Consulting as a Side Hustle…

Thinking about consulting, but not ready to go full time? Then consider consulting as a side hustle. You will learn a lot, and it will be much easier if/when you make your full-time JumpToConsulting.

First heard this phrase back in 2010 from fellow Arizona blogger Pam Slim at Escape From Cubicle Nation. I’ve sung her praises before, and will continue to do so. Unlike too many Internet bloggers/marketers, Pam is the real thing —  genuine, caring, and full of great advice and insights on starting ANY business.

But enough of the accolades. When I heard the term, it immediately resonated — for that is exactly how I got started in consulting over 30 years ago. Not ready to jump in full time, the part time route was a great way to test the waters to see if I would even like consulting in the first place.

The side hustle also brought in some extra bucks. With two kids at the time, any extra moolah was welcome. It even provided a tax shelter of sorts, by investing profits in some new fangled personal computers. (Have we come a  long way from that first Apple II…)

But most important, the side hustle provided a place to try ideas. Some worked, and some didn’t. The biggest disaster was a foray into computer seminars — but I learned an important lesson about barriers to entry. The biggest success was learning how to market consulting —  different from most traditional businesses.

So what was the original side hustle? We began teaching adult evening electronics classes at a vocational school (now part of the University of Minnesota system.)  My business partner had just started, and recruited me when another instructor had to drop our at the last minute.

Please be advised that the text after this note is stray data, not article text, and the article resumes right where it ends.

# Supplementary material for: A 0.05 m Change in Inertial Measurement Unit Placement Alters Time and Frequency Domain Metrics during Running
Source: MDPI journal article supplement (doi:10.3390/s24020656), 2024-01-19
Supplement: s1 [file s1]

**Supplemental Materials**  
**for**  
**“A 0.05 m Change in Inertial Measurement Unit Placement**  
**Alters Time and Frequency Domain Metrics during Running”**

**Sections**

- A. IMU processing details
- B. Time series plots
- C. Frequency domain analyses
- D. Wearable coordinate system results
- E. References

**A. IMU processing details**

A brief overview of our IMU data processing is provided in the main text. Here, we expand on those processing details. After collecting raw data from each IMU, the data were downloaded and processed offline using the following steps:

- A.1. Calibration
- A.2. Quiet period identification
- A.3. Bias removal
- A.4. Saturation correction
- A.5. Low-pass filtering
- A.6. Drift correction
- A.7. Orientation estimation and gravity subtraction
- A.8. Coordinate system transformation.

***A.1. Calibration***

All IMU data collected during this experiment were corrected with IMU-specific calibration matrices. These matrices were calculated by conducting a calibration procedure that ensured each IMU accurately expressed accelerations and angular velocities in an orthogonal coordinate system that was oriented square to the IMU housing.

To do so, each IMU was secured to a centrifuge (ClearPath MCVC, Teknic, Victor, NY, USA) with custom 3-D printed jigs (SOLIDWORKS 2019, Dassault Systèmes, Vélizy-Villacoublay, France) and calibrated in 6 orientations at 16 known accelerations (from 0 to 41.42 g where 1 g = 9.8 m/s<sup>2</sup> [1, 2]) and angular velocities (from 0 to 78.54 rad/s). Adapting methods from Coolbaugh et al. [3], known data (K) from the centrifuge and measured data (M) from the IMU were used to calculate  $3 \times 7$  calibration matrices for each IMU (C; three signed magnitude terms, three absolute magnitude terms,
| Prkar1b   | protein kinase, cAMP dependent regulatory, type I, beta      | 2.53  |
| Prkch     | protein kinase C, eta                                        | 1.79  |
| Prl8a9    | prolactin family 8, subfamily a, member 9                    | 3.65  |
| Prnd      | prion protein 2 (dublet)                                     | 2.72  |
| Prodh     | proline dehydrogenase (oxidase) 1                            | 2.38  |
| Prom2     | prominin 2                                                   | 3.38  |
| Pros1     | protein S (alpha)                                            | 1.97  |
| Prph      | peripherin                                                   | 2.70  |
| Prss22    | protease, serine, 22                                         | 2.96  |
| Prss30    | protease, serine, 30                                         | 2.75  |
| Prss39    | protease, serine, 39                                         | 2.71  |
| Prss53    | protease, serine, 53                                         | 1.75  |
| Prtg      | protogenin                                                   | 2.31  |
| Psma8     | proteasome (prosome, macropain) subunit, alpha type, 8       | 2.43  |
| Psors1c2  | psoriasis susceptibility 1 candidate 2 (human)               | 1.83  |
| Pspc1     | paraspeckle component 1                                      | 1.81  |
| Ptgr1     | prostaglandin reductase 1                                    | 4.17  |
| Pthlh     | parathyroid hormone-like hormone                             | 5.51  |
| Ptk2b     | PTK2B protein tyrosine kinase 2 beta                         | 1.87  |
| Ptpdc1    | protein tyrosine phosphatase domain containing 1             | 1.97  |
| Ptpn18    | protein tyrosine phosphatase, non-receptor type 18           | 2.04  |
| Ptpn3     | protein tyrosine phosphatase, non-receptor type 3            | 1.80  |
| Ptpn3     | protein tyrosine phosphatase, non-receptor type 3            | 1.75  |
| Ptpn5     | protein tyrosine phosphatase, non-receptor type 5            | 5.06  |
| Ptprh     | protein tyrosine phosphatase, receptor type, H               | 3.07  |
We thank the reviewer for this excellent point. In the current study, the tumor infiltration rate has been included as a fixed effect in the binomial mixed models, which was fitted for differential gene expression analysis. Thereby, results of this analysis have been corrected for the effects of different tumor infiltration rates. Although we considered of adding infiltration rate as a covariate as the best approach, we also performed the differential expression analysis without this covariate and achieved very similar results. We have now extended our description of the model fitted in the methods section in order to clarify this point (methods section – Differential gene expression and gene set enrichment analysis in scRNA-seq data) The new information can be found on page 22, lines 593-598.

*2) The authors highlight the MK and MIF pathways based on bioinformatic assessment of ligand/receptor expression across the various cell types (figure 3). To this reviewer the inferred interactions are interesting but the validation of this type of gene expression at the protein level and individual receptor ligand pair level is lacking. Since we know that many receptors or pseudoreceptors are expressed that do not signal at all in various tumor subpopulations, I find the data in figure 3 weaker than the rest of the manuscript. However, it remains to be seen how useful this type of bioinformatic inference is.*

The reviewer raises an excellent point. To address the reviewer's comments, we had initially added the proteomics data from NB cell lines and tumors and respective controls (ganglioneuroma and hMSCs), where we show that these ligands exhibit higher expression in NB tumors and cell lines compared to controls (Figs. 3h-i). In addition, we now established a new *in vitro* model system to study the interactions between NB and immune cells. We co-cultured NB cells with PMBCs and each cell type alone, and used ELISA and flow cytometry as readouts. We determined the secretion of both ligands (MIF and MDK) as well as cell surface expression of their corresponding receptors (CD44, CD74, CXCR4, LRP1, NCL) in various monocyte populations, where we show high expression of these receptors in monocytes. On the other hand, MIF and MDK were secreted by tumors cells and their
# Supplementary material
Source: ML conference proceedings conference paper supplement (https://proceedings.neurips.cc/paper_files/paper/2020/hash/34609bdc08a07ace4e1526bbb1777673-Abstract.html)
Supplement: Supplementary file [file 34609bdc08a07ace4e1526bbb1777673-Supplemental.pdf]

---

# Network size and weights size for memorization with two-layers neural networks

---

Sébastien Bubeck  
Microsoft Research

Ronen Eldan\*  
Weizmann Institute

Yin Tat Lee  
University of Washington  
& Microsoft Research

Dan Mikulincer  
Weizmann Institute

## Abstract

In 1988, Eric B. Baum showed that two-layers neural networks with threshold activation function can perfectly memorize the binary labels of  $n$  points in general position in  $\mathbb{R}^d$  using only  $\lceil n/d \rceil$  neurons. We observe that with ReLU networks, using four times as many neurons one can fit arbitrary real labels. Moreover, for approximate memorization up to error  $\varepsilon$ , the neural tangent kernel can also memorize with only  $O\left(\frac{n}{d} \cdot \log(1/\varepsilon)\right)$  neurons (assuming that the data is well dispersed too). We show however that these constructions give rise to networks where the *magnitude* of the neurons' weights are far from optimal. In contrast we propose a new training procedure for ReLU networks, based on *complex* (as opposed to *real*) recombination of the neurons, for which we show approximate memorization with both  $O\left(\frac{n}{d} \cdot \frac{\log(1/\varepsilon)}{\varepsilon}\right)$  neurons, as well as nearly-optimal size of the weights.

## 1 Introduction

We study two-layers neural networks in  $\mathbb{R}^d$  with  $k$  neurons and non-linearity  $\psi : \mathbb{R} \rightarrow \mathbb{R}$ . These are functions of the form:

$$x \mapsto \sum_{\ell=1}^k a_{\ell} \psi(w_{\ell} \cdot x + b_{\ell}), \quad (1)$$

Although I never taught before, it sounded like an interesting challenge. The challenge turned out bigger than expected, but I survived (as did my first students.) Actually, we all learned together, and my class reviews were positive.

That following spring, the school asked for help in organizing their evening electronics curriculum (a bit of a mess.) Recognizing an opportunity, we submitted a proposal. We had just  recently attained our PE (Professional Engineer) licenses, so we felt a nominal fee was warranted. We called ourselves Kimmel Gerke Associates.

The school jumped at it. When the dust all cleared, we probably earned a few dollars an hour. But we had tasted blood, and we had our first job under our belts.

We did many subsequent projects for the school (at improved rates). These included developing/presenting on-site training for several local companies (anybody remember BASIC?) The capstone was winning a state grant to develop a multi-year program on printed circuit board design, which was a nice chunk of change.

Other consulting projects began to emerge too. We were approached by a local county medical society to help them select a computer system. A small manufacturer asked us to develop a marketing white paper. Our side hustle was starting to generate some serious side income.

So why didn’t we break free? Well, actually I did — for three months. It took that long to realize I still needed to learn a LOT more about consulting, and I also needed to have a LOT more money in the bank.

Back to the corporate world I went, sadder but wiser — and also more determined that ever to make my own JumpToConsulting. It finally happened several years later, but it might never have happened without the original side hustle.

What about YOUR side hustle? Here are some things to consider:

  • Do you enjoy it? No sense doing it if it isn’t fun. After all, it is YOUR hustle.
  • Can you make money at it? The  bottom line.  But if your are not sure, a side hustle can be a good way to test a market without risking everything.
  • Any conflicts of interest? This is both an ethical issue, and a practical issue. Not a good idea to risk you day job over a side hustle. Keep it legal too.

Make a list of possibilities. A good place to start is Pam Slim’s original post, “What’s Your Side Hustle?” Be creative, and add your own ideas – even if the seem esoteric. Who knew there was a market for a couple of Electromagnetic Interference engineers?

Finally, give some thought to WHO your potential clients are, and HOW you would reach them.  This is called marketing — the linchpin of small consulting practices. No clients — no business.

Hustle on!

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